In the Supreme Court, Meenakshi Arora, one of the senior counsel in the case, compared it to living under a general, perpetual, nation-wide criminal warrant.

Had never thought of it that way, but living in the Aadhaar universe is like living in a prison. All of us are treated like criminals with barely any rights or recourse and gatekeepers have absolute power on you and your life.

Announcing the launch of the#BreakAadhaarChainscampaign, culminating with events in multiple cities on 12th Jan. This is the last opportunity to make your voice heard before the Supreme Court hearings start on 17th Jan 2018. In collaboration with @no2uidand@rozi_roti.

UIDAI's security seems to be founded on four time tested pillars of security idiocy

1) Denial

2) Issue fiats and point finger

3) Shoot messenger

4) Bury head in sand.

God Save India

Wednesday, November 4, 2015

9023 - How 101 people can fix all of India’s problems - Scroll.In

The government needs to tackle problems through start-ups within the administration.

Nandan Nilekani and Viral Shah  · Yesterday · 08:30 am

Within the past two decades, popular culture has acquired a new, reliable trope – programmers hacking away in a small garage or dorm room, fuelled by soda and junk food, creating a start-up that eventually takes over the world and rakes in billions. It’s a testament to the power of the idea that a small, committed team can achieve what many large organisations cannot.

When Google paid over a billion dollars for YouTube, it was acquiring a company that was one of the largest consumers of bandwidth on the Internet, while it employed only around forty people. When the popular photo-sharing app Instagram was bought for a billion dollars by Facebook, it had only twelve employees.

What if the same start-up model could be applied to solve the problems of governance as well?

As alien as it may sound, India has actually nurtured a proud tradition of start-ups within government ever since Independence. The very first of these was the Atomic Energy Commission, founded by the physicist and bon vivant Homi Bhabha, as atypical a “sarkari babu” as one could hope to find. With a small, dedicated team of colleagues, he built India’s indigenous atomic energy programme, meant to meet the country’s power needs and bolster national security.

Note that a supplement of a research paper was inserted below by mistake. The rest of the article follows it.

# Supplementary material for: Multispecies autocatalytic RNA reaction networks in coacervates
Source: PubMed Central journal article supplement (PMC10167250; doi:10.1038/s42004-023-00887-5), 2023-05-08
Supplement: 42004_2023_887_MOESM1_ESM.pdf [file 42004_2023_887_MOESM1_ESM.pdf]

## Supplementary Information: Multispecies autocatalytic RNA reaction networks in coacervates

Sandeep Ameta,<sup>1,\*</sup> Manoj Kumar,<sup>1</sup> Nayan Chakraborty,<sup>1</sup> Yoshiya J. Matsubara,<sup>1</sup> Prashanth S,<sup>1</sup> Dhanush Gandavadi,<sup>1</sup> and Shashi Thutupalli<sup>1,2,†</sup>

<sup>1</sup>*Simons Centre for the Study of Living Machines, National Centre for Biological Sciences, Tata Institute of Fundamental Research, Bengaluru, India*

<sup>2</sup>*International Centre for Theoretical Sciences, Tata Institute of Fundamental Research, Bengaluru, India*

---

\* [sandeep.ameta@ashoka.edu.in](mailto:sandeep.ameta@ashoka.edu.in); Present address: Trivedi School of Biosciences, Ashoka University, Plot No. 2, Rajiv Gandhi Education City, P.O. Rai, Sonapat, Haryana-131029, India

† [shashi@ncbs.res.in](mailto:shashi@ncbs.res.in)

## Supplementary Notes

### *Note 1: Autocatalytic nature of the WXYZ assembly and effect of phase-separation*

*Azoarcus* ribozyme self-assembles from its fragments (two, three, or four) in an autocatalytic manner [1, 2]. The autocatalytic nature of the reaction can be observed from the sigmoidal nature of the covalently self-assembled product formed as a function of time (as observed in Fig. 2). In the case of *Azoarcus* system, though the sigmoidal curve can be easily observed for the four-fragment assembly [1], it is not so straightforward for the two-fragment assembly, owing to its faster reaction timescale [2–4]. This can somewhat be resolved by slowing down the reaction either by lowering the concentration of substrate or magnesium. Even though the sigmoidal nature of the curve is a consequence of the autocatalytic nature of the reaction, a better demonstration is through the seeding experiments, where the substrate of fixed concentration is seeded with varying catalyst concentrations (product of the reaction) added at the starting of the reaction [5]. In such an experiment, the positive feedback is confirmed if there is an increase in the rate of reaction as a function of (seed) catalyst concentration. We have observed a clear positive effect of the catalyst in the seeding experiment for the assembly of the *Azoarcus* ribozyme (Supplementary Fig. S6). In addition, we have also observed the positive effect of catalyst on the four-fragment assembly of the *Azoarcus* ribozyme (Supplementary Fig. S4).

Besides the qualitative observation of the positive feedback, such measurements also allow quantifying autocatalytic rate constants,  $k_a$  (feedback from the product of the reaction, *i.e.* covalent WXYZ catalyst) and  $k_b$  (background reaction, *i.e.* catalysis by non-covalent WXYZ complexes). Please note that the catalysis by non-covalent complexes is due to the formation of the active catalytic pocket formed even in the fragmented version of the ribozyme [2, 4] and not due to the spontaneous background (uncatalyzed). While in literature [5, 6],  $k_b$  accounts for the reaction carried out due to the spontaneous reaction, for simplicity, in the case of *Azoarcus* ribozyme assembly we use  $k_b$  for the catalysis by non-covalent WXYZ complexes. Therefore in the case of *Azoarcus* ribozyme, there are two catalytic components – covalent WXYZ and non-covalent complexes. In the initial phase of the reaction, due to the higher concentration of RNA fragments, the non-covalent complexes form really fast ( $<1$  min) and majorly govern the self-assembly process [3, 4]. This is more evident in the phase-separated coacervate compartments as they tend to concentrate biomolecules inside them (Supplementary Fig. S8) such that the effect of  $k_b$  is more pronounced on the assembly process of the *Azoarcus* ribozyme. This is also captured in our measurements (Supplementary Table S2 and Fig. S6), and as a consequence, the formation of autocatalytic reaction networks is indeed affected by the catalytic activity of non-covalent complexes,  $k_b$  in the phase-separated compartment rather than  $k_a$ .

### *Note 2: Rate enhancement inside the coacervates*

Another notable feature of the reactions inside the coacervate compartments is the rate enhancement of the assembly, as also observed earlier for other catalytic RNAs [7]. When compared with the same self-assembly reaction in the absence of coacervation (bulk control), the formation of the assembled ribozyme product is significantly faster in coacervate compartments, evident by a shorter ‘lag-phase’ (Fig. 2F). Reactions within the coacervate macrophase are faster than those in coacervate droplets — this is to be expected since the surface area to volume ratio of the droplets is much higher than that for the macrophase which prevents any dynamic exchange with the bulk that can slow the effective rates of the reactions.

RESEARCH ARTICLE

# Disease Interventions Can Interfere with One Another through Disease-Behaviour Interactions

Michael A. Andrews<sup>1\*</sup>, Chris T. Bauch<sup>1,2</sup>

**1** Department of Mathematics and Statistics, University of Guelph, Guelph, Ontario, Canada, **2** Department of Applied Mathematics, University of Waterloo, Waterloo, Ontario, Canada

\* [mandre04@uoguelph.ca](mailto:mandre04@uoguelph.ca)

Another outstanding example is that of Vikram Sarabhai; the organisation he established, the Indian Space Research Organisation (ISRO), continues to win plaudits to the present day, with successes like Chandrayaan and Mangalyaan under its belt.

In her book Vikram Sarabhai: A Life, Amrita Shah writes:

By 1970, his list (of space applications) had expanded to include agriculture, forestry, oceanography, geology, mineral prospecting and cartography… This was Vikram’s dream: linking technology with development,serving the needs of the masses while nurturing a highly sophisticated work culture and scientific abilities. One of his favourite phrases was “leapfrogging”. It referred to his great faith, along with Bhabha and Nehru, in the ability of technology to enable developing countries to circumvent the long, arduous processes followed by the Western world.

India’s self-sufficiency in foodgrains and milk are also the results of start-ups: the Green Revolution, powered by scientists like Norman Borlaug and bureaucrats like MS Swaminathan, and supported administratively by the Indira Gandhi government, is responsible for the former, while Operation Flood, spearheaded by Verghese Kurien, made India the largest milk producer in the world.